ATLANTA — The chaos that constantly surrounds him can never be overstated. An incessant combination of cheers, chatter and combustion follows him from green to tee, down the fairway, with moments of peace coming only during his shots.
You wonder how Tiger Woods manages to deal with the level of noise and distraction even the greatest minds would have difficulty pushing aside. Yet, there he was doing it again Saturday at East Lake, this time while leading a golf tournament and dealing with an old, but new, set of emotions.
Woods took a 3-shot lead into the final round of the Tour Championship and is on the cusp of his 80th PGA Tour victory — but first in more than five years.
For so long, and in so many instances, the story could already be written, with just the mundane details yet to be added. Woods has been money with third-round leads, especially of 3 shots or more. He has never failed to deliver, 32 times going on to victory when holding this wide of a margin.
Woods’ overall record of 53-4 on the PGA Tour with at least a tie for the lead is mind-blowing itself. Imagine getting to this position 57 times. The first one? Way back in 1996, when as a 20-year-old making his third start as a pro, Woods led by a shot, only to get beat by an aging veteran named Ed Fiori, who possessed a strange grip and whom Woods to this day still refers to as “The Gripper.”
The last was perhaps his most crushing loss. Woods lost a shot at a 15th major when he was denied at the 2009 PGA Championship by Y.E. Yang — who never won on the PGA Tour again.
That is likely a reminder to Woods that nothing is certain, especially now. As much as he’s done to get to this point, posting six top-10s this year in a comeback season that has defied belief, Woods has struggled to put four complete rounds together, and simply not been in this good of a position.
How does he handle it?
“I felt very comfortable when I got in the mix there at Tampa [the Valspar Championship] even though it was very early in the start to this year,” Woods said. “And because of that, I felt comfortable when I got to Bay Hill, when I grabbed the lead at The Open Championship.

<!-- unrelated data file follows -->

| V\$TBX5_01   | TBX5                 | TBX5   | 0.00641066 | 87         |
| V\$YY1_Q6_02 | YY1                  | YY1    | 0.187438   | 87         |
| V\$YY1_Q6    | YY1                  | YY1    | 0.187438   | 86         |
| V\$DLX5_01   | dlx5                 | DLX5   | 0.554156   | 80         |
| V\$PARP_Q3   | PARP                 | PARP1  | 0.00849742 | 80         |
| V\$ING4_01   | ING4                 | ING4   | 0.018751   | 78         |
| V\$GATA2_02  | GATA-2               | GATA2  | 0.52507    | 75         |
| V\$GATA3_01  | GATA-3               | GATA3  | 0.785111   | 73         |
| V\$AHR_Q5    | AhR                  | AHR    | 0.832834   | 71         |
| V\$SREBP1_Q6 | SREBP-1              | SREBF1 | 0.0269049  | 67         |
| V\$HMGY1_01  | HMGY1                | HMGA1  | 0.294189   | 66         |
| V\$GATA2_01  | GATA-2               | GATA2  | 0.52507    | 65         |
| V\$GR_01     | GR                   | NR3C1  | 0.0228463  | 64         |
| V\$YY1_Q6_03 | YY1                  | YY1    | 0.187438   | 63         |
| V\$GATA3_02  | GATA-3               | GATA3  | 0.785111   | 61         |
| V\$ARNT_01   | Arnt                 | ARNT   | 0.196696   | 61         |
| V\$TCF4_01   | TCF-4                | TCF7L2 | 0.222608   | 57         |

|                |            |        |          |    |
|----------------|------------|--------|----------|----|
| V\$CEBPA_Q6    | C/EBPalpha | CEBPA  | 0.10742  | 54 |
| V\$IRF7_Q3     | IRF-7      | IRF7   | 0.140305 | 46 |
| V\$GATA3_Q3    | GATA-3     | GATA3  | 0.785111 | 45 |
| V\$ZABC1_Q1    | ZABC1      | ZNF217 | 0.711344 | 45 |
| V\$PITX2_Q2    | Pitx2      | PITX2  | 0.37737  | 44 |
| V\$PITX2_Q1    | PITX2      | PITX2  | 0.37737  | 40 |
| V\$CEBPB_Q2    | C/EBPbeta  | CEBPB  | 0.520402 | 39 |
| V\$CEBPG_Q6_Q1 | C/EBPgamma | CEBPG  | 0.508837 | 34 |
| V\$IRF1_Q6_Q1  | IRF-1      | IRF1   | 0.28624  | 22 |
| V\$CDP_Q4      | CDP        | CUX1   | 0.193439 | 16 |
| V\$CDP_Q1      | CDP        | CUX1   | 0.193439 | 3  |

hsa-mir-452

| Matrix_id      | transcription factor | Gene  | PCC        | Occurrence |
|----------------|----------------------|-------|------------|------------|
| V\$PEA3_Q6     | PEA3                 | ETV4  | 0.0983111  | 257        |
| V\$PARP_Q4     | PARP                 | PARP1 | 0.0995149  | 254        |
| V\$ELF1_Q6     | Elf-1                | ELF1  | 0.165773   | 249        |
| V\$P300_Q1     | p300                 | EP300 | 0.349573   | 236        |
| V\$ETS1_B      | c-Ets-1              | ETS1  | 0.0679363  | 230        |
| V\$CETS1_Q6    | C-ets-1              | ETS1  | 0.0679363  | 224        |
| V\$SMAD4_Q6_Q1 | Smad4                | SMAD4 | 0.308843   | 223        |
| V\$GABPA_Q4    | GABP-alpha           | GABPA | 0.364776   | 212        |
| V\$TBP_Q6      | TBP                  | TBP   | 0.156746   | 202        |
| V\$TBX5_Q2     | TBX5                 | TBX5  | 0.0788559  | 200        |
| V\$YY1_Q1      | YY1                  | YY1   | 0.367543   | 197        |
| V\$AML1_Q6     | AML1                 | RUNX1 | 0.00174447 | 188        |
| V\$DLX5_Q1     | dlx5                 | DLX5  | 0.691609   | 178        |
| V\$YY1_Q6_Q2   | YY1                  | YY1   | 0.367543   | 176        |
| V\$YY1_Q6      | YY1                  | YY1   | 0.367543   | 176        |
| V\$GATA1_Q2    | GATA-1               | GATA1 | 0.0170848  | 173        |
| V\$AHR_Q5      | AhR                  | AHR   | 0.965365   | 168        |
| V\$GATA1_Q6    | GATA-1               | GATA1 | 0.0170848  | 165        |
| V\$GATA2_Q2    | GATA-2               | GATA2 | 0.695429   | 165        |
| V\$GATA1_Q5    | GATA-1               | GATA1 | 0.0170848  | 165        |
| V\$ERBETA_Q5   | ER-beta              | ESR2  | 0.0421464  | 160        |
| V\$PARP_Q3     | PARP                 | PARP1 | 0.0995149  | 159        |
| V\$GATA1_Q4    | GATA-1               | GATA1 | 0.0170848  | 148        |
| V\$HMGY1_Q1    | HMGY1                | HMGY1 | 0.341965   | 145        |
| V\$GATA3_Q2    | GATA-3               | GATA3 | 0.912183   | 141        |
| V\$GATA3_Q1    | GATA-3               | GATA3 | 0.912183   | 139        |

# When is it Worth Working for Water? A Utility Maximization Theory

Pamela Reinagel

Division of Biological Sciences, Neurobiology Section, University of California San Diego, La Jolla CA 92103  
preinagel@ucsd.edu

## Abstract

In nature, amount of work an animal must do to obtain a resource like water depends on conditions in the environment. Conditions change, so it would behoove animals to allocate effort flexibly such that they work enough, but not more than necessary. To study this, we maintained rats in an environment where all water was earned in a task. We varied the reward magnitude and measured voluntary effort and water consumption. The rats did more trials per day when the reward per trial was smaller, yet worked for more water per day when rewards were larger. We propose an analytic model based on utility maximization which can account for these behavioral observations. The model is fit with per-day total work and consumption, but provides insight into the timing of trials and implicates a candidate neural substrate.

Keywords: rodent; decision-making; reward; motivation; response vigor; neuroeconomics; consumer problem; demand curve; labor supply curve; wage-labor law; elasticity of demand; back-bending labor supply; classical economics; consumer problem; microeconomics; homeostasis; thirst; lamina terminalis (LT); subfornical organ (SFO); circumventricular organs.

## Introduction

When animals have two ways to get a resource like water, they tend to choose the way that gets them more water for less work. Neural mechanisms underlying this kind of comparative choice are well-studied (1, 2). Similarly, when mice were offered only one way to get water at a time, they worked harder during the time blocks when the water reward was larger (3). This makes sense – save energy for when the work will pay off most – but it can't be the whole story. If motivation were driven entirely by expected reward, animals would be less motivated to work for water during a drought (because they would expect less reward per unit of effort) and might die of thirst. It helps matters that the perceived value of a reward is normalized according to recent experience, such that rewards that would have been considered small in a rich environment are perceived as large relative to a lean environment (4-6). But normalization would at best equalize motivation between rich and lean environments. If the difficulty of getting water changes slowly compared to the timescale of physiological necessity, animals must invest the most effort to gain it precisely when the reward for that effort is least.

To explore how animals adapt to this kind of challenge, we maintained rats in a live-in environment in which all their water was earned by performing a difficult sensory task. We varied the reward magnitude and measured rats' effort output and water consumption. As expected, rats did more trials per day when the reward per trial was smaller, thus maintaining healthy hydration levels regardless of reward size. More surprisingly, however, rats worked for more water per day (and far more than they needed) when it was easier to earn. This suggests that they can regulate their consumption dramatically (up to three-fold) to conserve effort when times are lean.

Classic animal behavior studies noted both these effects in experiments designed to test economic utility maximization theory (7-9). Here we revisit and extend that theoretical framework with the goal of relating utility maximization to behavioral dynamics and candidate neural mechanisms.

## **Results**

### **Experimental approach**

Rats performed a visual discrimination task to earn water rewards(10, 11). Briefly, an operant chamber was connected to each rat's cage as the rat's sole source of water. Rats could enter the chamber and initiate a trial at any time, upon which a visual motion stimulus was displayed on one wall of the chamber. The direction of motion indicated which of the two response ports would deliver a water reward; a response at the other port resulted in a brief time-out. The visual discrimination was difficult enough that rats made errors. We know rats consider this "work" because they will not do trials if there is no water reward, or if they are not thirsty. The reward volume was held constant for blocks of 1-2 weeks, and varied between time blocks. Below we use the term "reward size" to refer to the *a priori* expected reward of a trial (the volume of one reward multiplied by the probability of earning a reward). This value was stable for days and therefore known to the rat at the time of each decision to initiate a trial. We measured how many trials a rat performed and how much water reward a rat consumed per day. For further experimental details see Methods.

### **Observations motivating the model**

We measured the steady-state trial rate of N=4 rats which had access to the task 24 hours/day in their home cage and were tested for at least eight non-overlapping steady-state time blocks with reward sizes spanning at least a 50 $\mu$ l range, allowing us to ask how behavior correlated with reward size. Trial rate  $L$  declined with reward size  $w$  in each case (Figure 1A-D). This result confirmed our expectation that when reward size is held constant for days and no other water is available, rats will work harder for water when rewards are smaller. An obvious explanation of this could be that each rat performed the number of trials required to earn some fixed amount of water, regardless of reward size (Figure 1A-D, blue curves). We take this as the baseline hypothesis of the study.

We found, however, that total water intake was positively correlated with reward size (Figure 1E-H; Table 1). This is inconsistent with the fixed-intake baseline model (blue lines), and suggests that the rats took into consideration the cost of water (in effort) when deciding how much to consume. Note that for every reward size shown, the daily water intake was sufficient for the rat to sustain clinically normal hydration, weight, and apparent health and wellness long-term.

“Things that didn’t really feel abnormal, even though it’s been years, literally years, since I’ve been in those spots. But I think I’ve been in those spots enough times that muscle memory — I guess I remembered it, and I felt comfortable in those spots.”
Woods sure looked it Saturday, when it might have been easy to get caught up in all the hysteria. He birdied the first hole, then ran off five in a row starting at the third. He made it look easy, and you wondered if Sunday was just going to be a coronation to that long-awaited victory.
Of course, it was never going to be that easy. A bogey at the ninth followed. Another at the 16th. He was unable to birdie the par-5 18th, despite an excellent approach that just traveled too long into a back bunker.
On Sunday, Rory McIlroy, who will play with Woods, will want to play the foil. A four-time major winner, McIlroy, 29, has played with Woods just once in a final round, back at the 2012 Masters when both were well out of contention.
Justin Rose, who played with Woods on Saturday, is ranked No. 1 in the world for a reason. Rose showed his resolve after opening with consecutive bogeys, then rallying to shoot 68 to stay in touch with Woods. He’s seen plenty of the 14-time major champion over the years and is just as curious as the rest of us as to how it will play out.
“I’m sure it will be hard for him tomorrow,” Rose said. “It will probably be for him, trying to win for the first time again. It’s been a long time. But he has as much experience to draw on that he’s going to be a hard guy to chase down tomorrow.”
Tiger Woods cards a five-under 65 and holds a 54-hole lead at the Tour Championship, crediting his putting and reinvented body.
Woods is in a familiar spot, but it’s been a long time coming. Even after shooting an opening-round 62 two weeks ago at the BMW Championship, Woods found himself trailing heading into the weekend, fighting to get in contention.
There has been some good play and some solid chances, but aside from the Valspar Championship, where he was just a stroke back going into the final round and couldn’t make up that difference, it’s mostly been a matter of trying to come from too far back.
“You certainly want to be leading regardless, simple mathematics, but he’s been a pretty good front-runner his whole career and obviously that’s going to help,” said Woods’ caddie, Joe LaCava. “In the past, he’s been chasing, chasing, chasing and people want him to win so badly and he gets close but you have to remember there are people behind him who are capable of going low.
“It’ll be nice to know that everybody will be in front of us for a change. That will help a little bit. But he’s got two great players behind him. I’m not saying it’s going to be a piece of cake. But you’d rather be leading by 3 than be 3 behind.”
McIlroy and Rose don’t promise to make it easy. Both are more than capable of putting together the low round that would ruin Woods’ plans.
But this is likely to be more about Woods. How does he deal with the cauldron now? The one he handled with so much ease for all those many years. It’s a different time, a different Tiger. And it’s a story still to be written.